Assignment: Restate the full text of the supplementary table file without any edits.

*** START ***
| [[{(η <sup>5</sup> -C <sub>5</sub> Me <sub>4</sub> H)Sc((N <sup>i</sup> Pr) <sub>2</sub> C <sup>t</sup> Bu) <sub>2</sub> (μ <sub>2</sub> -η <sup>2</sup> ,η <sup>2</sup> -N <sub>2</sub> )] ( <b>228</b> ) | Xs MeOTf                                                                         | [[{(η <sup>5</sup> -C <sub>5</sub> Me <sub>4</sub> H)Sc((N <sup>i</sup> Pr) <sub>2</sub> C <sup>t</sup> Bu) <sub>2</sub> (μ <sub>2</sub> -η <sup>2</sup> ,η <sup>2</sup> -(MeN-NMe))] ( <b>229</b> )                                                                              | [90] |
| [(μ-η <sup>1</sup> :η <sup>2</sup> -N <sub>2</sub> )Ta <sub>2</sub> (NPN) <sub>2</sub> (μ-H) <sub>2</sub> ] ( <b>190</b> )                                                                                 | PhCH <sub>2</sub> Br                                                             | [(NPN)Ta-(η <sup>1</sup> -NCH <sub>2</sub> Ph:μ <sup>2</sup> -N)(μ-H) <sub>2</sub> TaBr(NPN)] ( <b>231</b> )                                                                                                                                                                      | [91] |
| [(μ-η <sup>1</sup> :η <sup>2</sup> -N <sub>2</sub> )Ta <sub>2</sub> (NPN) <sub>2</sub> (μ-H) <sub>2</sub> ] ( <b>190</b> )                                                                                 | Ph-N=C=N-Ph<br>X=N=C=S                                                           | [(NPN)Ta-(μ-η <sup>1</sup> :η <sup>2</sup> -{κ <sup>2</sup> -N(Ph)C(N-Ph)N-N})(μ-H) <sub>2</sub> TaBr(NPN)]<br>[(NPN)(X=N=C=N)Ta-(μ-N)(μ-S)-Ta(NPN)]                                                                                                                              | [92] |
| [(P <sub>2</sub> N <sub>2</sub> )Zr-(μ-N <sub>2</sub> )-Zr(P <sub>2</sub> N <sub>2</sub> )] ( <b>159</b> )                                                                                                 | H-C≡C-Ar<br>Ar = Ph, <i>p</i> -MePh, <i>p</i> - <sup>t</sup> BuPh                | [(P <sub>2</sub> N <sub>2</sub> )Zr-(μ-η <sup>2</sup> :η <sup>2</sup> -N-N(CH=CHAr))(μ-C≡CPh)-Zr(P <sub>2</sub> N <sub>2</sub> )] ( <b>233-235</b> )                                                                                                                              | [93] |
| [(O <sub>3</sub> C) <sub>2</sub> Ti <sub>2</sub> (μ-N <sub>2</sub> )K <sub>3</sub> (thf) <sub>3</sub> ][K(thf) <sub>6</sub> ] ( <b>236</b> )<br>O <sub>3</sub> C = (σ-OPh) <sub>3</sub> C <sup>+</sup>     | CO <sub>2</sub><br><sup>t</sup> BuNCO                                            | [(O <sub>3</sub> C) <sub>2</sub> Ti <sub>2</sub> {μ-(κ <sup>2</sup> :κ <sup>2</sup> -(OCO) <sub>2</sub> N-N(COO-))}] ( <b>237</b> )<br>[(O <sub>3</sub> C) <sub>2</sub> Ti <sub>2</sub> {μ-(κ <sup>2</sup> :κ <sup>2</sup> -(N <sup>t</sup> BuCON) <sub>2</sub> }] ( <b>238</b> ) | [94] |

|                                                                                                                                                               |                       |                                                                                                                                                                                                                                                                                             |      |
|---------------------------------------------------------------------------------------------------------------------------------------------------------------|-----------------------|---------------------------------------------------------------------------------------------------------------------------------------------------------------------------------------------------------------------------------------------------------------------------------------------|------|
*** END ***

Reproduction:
| [[{(η <sup>5</sup> -C <sub>5</sub> Me <sub>4</sub> H)Sc((N <sup>i</sup> Pr) <sub>2</sub> C <sup>t</sup> Bu) <sub>2</sub> (μ <sub>2</sub> -η <sup>2</sup> ,η <sup>2</sup> -N <sub>2</sub> )] ( <b>228</b> ) | Xs MeOTf                                                                         | [[{(η <sup>5</sup> -C <sub>5</sub> Me <sub>4</sub> H)Sc((N <sup>i</sup> Pr) <sub>2</sub> C <sup>t</sup> Bu) <sub>2</sub> (μ <sub>2</sub> -η <sup>2</sup> ,η <sup>2</sup> -(MeN-NMe))] ( <b>229</b> )                                                                              | [90] |
| [(μ-η <sup>1</sup> :η <sup>2</sup> -N <sub>2</sub> )Ta <sub>2</sub> (NPN) <sub>2</sub> (μ-H) <sub>2</sub> ] ( <b>190</b> )                                                                                 | PhCH <sub>2</sub> Br                                                             | [(NPN)Ta-(η <sup>1</sup> -NCH <sub>2</sub> Ph:μ <sup>2</sup> -N)(μ-H) <sub>2</sub> TaBr(NPN)] ( <b>231</b> )                                                                                                                                                                      | [91] |
| [(μ-η <sup>1</sup> :η <sup>2</sup> -N <sub>2</sub> )Ta <sub>2</sub> (NPN) <sub>2</sub> (μ-H) <sub>2</sub> ] ( <b>190</b> )                                                                                 | Ph-N=C=N-Ph<br>X=N=C=S                                                           | [(NPN)Ta-(μ-η <sup>1</sup> :η <sup>2</sup> -{κ <sup>2</sup> -N(Ph)C(N-Ph)N-N})(μ-H) <sub>2</sub> TaBr(NPN)]<br>[(NPN)(X=N=C=N)Ta-(μ-N)(μ-S)-Ta(NPN)]                                                                                                                              | [92] |
| [(P <sub>2</sub> N <sub>2</sub> )Zr-(μ-N <sub>2</sub> )-Zr(P <sub>2</sub> N <sub>2</sub> )] ( <b>159</b> )                                                                                                 | H-C≡C-Ar<br>Ar = Ph, <i>p</i> -MePh, <i>p</i> - <sup>t</sup> BuPh                | [(P <sub>2</sub> N <sub>2</sub> )Zr-(μ-η <sup>2</sup> :η <sup>2</sup> -N-N(CH=CHAr))(μ-C≡CPh)-Zr(P <sub>2</sub> N <sub>2</sub> )] ( <b>233-235</b> )                                                                                                                              | [93] |
| [(O <sub>3</sub> C) <sub>2</sub> Ti <sub>2</sub> (μ-N <sub>2</sub> )K <sub>3</sub> (thf) <sub>3</sub> ][K(thf) <sub>6</sub> ] ( <b>236</b> )<br>O <sub>3</sub> C = (σ-OPh) <sub>3</sub> C <sup>+</sup>     | CO <sub>2</sub><br><sup>t</sup> BuNCO                                            | [(O <sub>3</sub> C) <sub>2</sub> Ti <sub>2</sub> {μ-(κ <sup>2</sup> :κ <sup>2</sup> -(OCO) <sub>2</sub> N-N(COO-))}] ( <b>237</b> )<br>[(O <sub>3</sub> C) <sub>2</sub> Ti <sub>2</sub> {μ-(κ <sup>2</sup> :κ <sup>2</sup> -(N <sup>t</sup> BuCON) <sub>2</sub> }] ( <b>238</b> ) | [94] |

|                                                                                                                                                               |                       |                                                                                                                                                                                                                                                                                             |      |
|---------------------------------------------------------------------------------------------------------------------------------------------------------------|-----------------------|---------------------------------------------------------------------------------------------------------------------------------------------------------------------------------------------------------------------------------------------------------------------------------------------|------|